What Does LGPL Mean?
Have you ever come across the term LGPL while browsing through software licenses and wondered what it actually means? In this article, we will explore the meaning and purpose of LGPL, how it protects software, and its key differences from other licenses such as GPL, BSD, and MIT.
We will also take a look at some popular software examples licensed under LGPL, the benefits of using LGPL, and the limitations that come with it. So, let’s dive into the world of LGPL and unravel its significance in the realm of software licensing.
What Is the Meaning of LGPL?
LGPL, or Lesser General Public License, is a type of open-source software license that allows developers to use, modify, and distribute software with certain restrictions and permissions.
The LGPL is particularly significant in the world of open-source software as it strikes a balance between the permissive nature of the MIT License and the copyleft approach of the GPL. For instance, one key feature of LGPL is that developers can link their proprietary software with libraries covered by LGPL without having to open-source their own code. This allows for greater flexibility in the development process while still ensuring that modifications to the LGPL-licensed components are shared back with the community. This aspect of LGPL is particularly crucial in ensuring cybersecurity and transparency in software development.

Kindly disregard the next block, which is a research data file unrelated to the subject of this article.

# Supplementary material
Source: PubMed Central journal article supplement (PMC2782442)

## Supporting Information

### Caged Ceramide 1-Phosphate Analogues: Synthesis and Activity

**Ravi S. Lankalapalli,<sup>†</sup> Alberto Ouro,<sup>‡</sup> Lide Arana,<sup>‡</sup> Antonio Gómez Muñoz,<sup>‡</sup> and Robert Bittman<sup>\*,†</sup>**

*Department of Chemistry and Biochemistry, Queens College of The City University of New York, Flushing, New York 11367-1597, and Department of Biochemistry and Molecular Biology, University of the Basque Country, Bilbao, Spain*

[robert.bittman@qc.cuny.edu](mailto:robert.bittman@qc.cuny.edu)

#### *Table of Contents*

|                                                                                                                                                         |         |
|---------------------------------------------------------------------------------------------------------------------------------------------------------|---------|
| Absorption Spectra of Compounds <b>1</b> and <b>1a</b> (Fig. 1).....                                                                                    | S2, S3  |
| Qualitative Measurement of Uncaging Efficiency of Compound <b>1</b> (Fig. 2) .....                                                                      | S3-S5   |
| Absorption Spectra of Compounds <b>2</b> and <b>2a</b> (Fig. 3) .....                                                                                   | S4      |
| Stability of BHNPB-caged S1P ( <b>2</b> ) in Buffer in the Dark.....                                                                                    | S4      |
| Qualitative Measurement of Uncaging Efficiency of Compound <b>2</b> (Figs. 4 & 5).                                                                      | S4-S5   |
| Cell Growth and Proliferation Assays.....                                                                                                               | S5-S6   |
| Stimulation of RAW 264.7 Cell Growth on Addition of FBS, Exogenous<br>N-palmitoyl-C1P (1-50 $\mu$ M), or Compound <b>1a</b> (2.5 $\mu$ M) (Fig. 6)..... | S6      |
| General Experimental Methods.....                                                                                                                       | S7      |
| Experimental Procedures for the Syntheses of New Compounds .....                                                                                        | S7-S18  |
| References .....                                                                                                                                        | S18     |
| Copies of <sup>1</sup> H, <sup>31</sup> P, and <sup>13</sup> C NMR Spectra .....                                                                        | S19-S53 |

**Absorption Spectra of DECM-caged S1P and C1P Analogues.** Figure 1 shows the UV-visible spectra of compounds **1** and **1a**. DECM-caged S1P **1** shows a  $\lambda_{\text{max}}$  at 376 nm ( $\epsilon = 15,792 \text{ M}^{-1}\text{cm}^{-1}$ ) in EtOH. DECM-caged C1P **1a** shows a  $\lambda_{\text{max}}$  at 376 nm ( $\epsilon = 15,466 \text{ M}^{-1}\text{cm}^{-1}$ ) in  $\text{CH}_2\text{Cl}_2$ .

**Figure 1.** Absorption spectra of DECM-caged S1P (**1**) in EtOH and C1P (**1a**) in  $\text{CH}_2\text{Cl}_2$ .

What Is the Purpose of LGPL?
The primary purpose of the LGPL is to provide legal permissions and obligations for the distribution and modification of software under specific licensing terms.